The last rays of this evening’s sun, shining through the translucent new leaves on the copper beech tree that I see from my window, reveal transitioning shades of red and green with intricate networks of veins. In close-up, it seems that you can almost see the individual cells.
The Cerne Valley is becoming lush. April has seen prolonged periods of sun and warmth spurring on plant growth. The catkins have fallen and all trees are starting to flower and come into leaf. Along the river banks, the low-growing Butterbur that had been clustered on bare dredged-out chalk heaps are now concealed by dock, stinging nettle, and flowering Comfrey. Iris and Sweet Flag stand flowerless with their roots in the water. An isolated leaf curves downwards to trail its point in the river flow, creating fantastical patterns of reflected light, while the birds sing their hearts out and bees buzz lazily by.
The place where I took these photographs is marked on the map as an island but it is actually just a tiny promontory near to the village of Fermoyle, along the Dingle Way, on the north coast of the Dingle Peninsula in Ireland. I am sure that most people visit the location for its wonderful long unsullied sandy beach. However, I was drawn to this particular part, at the extreme western end of the beach, because of its fascinating geomorphology. The rocks are sandstones and conglomerates (mostly but not exclusively red) of the Glengarriff Harbour Group from the Devonian Period. The bright olive, lime, yellow and orange colours of the seaweeds, and the black, yellow and white of encrusting lichens, clash garishly with the red rocks. The rock strata are clearly defined: sometimes on-end, sometimes as flat bedding planes, and in one place a dome of strata lies cut-away and exposed. Beach stones rather than pebbles cover a portion of this area; and there are also occasional huge boulders composed of conglomerate scattered along the shore nearest the inlet from Brandon Bay.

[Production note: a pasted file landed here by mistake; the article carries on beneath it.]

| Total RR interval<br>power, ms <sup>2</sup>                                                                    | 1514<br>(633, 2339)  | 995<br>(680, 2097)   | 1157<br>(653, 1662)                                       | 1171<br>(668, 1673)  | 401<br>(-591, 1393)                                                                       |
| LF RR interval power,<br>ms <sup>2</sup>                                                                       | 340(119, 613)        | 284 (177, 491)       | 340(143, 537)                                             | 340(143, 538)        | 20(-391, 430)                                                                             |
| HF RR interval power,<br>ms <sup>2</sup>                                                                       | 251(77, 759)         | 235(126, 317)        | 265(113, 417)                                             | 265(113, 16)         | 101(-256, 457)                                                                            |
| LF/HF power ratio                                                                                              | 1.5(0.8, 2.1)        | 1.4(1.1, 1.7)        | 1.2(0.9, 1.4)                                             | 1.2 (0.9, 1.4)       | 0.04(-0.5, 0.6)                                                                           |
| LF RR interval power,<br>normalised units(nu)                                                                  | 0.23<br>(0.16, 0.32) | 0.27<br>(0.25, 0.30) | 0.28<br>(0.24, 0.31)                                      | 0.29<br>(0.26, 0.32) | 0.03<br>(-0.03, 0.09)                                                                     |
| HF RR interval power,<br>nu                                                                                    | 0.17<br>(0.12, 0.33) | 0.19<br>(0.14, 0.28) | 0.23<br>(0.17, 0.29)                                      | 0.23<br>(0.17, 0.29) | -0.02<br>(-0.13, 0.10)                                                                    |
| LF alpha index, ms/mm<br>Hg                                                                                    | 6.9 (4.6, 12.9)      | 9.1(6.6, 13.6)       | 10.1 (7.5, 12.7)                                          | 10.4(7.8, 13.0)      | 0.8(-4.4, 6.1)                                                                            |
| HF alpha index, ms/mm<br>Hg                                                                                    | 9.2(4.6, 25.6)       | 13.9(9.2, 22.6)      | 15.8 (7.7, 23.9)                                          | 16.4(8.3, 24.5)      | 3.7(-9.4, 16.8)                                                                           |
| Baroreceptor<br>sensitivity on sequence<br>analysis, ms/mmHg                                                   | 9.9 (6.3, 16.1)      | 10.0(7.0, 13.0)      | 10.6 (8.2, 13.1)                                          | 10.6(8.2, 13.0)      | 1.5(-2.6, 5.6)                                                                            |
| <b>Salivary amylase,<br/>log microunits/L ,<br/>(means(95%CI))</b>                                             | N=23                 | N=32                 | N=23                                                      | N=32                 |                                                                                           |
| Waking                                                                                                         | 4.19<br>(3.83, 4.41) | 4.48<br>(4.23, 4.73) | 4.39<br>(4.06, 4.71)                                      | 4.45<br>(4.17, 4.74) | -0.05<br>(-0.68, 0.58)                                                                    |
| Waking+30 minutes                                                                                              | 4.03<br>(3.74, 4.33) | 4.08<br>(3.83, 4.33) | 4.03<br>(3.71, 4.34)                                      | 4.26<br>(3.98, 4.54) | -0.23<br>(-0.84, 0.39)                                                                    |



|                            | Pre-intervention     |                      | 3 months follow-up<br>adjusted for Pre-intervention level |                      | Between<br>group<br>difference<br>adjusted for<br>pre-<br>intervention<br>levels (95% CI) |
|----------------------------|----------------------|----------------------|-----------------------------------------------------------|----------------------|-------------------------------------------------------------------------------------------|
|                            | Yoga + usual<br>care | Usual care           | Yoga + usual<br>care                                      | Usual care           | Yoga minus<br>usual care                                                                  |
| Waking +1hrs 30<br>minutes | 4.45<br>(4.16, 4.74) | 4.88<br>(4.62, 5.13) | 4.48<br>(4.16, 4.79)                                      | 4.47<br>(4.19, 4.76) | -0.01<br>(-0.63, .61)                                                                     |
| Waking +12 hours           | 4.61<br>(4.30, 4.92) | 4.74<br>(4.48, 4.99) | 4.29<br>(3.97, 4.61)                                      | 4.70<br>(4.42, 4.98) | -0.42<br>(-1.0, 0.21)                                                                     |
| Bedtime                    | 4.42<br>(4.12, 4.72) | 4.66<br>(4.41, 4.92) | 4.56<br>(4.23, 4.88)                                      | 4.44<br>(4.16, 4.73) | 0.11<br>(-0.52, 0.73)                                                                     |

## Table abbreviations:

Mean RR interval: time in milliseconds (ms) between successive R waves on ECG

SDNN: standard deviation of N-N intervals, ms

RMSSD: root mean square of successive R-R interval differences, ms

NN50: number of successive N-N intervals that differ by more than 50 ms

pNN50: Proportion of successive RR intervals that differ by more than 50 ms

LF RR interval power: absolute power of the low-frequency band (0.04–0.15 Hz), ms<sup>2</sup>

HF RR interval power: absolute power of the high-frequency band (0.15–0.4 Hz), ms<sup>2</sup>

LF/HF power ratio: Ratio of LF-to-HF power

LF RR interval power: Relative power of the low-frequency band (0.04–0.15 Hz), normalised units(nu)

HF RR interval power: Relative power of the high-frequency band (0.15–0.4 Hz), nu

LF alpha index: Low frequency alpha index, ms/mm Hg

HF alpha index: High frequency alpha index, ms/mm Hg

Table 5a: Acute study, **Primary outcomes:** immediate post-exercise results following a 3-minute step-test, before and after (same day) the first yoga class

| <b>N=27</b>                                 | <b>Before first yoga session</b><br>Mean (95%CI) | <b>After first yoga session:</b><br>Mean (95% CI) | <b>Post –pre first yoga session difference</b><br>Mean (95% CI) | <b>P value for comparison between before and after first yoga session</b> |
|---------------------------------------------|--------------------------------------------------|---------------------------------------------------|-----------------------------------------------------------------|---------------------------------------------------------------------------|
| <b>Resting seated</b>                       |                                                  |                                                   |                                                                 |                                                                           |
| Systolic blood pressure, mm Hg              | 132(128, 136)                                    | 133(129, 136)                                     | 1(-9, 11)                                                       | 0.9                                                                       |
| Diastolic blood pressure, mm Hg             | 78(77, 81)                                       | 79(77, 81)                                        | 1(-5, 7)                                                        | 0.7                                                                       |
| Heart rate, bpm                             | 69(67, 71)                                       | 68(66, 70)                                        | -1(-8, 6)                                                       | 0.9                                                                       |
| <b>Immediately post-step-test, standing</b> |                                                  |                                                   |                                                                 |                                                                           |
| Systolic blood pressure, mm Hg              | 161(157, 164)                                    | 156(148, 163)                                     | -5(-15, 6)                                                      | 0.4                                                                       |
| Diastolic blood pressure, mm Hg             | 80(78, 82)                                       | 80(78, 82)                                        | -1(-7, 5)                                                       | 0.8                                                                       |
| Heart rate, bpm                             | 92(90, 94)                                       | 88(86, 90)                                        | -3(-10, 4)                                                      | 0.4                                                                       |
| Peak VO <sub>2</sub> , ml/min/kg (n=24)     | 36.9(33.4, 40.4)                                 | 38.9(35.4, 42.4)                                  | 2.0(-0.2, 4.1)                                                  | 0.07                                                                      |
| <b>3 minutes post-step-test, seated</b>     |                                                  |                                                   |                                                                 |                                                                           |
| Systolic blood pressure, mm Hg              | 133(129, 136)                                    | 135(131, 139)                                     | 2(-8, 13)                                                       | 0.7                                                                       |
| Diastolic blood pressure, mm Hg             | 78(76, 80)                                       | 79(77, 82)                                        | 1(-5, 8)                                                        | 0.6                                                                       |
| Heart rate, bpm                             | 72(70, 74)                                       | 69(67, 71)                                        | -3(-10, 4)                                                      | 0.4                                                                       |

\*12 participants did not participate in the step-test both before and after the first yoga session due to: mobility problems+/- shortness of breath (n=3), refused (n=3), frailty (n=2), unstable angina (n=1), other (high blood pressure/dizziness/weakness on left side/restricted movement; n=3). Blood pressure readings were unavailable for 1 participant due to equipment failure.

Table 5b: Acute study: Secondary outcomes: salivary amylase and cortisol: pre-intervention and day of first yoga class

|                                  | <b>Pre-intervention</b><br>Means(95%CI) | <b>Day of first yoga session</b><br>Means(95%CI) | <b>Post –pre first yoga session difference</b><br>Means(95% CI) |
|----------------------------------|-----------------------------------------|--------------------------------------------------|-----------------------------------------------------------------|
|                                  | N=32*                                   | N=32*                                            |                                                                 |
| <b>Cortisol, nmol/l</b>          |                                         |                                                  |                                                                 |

At Eype, blue clay cliffs slip, and subsequently unsupported rock strata above it collapse. Large boulders then roll down to the shingle shore. The variety of rock types, and sometimes the fossils within them (like belemnites), can be observed at close quarters. The newly surf-washed rocks, part-embedded in the bright orange pea-gravel and pebbles, make striking compositions with the wet surfaces revealing a greater intensity of colour, and finer detail of texture and structure.
Click here for earlier posts about EYPE.
Peering into the rock pools on the Worms Head Causeway in Gower reveals colourful kaleidoscopic patterns of common British seaweeds beneath the rippled clear water.
The Seasearch Guide to Seaweeds of Britain and Ireland produced by Francis StP. D. Bunker, Christine A. Maggs, Juliet A. Bridie, and Anne R. Bunker, published by the Marine Conservation Society in 2010, ISBN 978-0-948150-51-7, is a really good book jam-packed with wonderful photographs and clear descriptions of seaweeds to aid identifications.